As Rob and I waited in the starting pen for our time to come, he told me to be ready for a fast start. I was glad to hear this because the first K is very flat, followed by downhill, and Rob skied very well on the flat in the first race. If we could get out of the gate quickly, we might be able to ride that wave for the last few K's of the short race. Sure enough, Rob took off very quick. He was going even faster than I expected. As he caught up to where I was waiting halfway down the stadium track, it took me a few strides to adjust to his speedy pace, but soon enough we were off and flying. We were actually catching the Russian who started 30 seconds in front of us and who had been the top B3 finisher in the first race! As we approached the top of the hill at about 2K, a Finnish coach said that we were in 2nd place, with no real medal threats behind us. I yelled this info back to Rob to encourage him. On the second half of the course, which has more uphills, Rob continued to ski strong but I could sense him tiring before the top of each hill. We would be cruising up a climb together, but as I approached the top, I would glance back and see him laboring through the final few strides. But in general, I still though he was skiing very well and as we climbed up the last hill, I saw one of the foreign coaches type our split time into his computer and then frantically yell something to another coach at the top of the hill, who then frantically yelled something to a racer who was approaching the finish. I had no idea what they were saying, but it looked like we had them worried. I yelled this info back to Rob, hoping to get him fired up for the last double pole section to the finish. We finished very strong, with Rob attacking the double poling with the same ferocity that he had started with. After crossing the line, Rob took a minute to recover, then we exchanged a few comments about the race. I told him that I thought he was skiing very well and asked if he heard the info I had yelled. It turns out that he didn't, which means that I will have to yell louder next time. Part of the reason was that I also did a bunch of cheering for him along the way, so i think he just tuned me out, assuming that I was just yelling nonsense rah-rah stuff all the time. He also said that he thought he had skied well, but that his leg strength was lacking because of a back injury this fall that kept him from doing hill bounding and a lot of other leg training. This explains why he faded near the top of the hills. In all, it was a very good effort on his part, the only drawback being the fact that he finished 4th, only 5 seconds from a medal. That was a little tough to take, but without the injury in the fall, or even just with a coach on the course to give him the info that he was 5 seconds down, he would have been in the medals. All things considered, it was a good race and we took it as such. Besides, 4th place won a Swatch watch, whereas 1st through 3rd only got medals. And hey, guides got watches too. What a bonus!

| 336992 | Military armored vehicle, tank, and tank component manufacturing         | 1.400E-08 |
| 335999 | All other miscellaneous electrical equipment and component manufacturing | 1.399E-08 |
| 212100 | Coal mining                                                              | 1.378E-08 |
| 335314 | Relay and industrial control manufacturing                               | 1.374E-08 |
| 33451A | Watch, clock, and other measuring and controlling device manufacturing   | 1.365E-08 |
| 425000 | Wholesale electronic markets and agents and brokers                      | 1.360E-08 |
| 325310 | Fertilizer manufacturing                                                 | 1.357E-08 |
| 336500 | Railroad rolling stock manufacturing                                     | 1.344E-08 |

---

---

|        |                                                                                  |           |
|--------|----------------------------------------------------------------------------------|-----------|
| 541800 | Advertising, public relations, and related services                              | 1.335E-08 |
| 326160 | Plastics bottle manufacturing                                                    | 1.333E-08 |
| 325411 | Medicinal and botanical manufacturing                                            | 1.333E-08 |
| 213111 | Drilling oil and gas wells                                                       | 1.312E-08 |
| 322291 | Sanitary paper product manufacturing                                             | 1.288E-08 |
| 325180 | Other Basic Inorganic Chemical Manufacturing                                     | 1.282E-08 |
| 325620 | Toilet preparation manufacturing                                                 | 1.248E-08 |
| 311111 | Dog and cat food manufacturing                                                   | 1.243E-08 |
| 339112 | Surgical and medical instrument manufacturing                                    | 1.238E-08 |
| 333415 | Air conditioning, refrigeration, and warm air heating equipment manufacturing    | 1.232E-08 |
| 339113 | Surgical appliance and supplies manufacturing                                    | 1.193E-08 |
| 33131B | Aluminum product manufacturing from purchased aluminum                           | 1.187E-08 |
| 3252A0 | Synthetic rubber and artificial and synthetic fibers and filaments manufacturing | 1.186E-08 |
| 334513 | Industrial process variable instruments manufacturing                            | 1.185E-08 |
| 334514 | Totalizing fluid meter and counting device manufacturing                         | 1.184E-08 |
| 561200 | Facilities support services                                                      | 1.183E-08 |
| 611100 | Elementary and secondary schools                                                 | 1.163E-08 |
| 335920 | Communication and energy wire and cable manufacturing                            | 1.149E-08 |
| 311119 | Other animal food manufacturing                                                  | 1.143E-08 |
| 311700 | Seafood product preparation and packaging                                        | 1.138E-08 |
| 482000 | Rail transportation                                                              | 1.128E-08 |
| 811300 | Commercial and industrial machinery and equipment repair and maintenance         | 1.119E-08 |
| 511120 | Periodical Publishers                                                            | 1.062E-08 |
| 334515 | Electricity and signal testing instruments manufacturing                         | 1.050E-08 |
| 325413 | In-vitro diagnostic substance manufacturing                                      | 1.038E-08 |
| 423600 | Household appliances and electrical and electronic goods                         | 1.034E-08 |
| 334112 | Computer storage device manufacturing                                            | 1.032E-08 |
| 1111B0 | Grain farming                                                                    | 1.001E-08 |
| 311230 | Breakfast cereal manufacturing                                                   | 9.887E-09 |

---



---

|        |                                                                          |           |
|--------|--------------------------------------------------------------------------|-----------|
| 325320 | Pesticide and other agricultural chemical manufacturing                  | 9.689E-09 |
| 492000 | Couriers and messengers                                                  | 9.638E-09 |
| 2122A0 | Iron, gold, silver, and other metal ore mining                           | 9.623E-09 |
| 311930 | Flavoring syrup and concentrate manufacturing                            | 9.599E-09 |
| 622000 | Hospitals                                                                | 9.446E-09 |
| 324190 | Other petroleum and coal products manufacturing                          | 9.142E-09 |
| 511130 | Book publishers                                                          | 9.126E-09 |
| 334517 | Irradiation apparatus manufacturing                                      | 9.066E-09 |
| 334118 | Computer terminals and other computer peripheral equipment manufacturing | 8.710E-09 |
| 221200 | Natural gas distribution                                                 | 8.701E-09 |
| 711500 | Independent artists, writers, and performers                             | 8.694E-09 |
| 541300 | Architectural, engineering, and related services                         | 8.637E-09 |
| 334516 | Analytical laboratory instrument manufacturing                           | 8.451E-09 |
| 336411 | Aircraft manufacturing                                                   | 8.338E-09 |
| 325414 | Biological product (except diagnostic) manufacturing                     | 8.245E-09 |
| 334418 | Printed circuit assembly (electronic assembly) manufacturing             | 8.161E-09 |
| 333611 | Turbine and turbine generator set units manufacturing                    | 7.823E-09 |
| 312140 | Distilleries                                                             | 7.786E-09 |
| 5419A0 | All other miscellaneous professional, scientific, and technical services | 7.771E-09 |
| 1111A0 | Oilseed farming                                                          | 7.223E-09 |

Since the race was short and I still had a little energy to burn, I decided to go alpine skiing this afternoon. I took Jean Claude and Marco Zermatten up on their offer to give me rentals and hit the mountain. A word of advice for those who might venture to Switzerland and do a little of the downhill stuff - don't try to cover a mountain like Crans-Montana in one afternoon. The place is ridiculously huge, but I still tried to cover as much of it as I could. I hadn't put on downhill equipment in two years (I did do some telemark and snowboarding last year though), but I still headed straight for the top of the mountain, forgetting that I might not be the same downhill terror I was when I was 13. It took about 4 lifts to actually get to the top, so I spent the first hour just waiting for that first run. When it came, it was worth the wait. I dropped into a bowl, kind of on the back side of the mountain. This little stash of snow was protected from the sun and was the only place on the mountain that still had powder. I did a few short jump turns on the steeps to get warmed up and then did a few floaters through the powder. When I reached the lift below, I was all excited to do it again. But this is when I realized the major design flaw of the resort. It is like trying to drive in Northern New England - " Ya cahn't git theya from heeya." In order to get back to the powder patch, it would require another three lifts. Deciding that it wasn't worth it on such a limited schedule, I spent the rest of my day on the lower part of the mountain. The rest of the skiing wasn't that great, because they don't really groom many trails, it is all bowls and powder field. This would be amazing territory on a powder day, but since the sun had been melting it for a couple days now, it was heavy, wet, and crusty. Better to stay on the few groomed trails. I got in a good few hours of lazy man's skiing, reaffirmed my disdain for chairlifts, and then headed back to the hotel to get ready for the Awards Ceremony for today's race.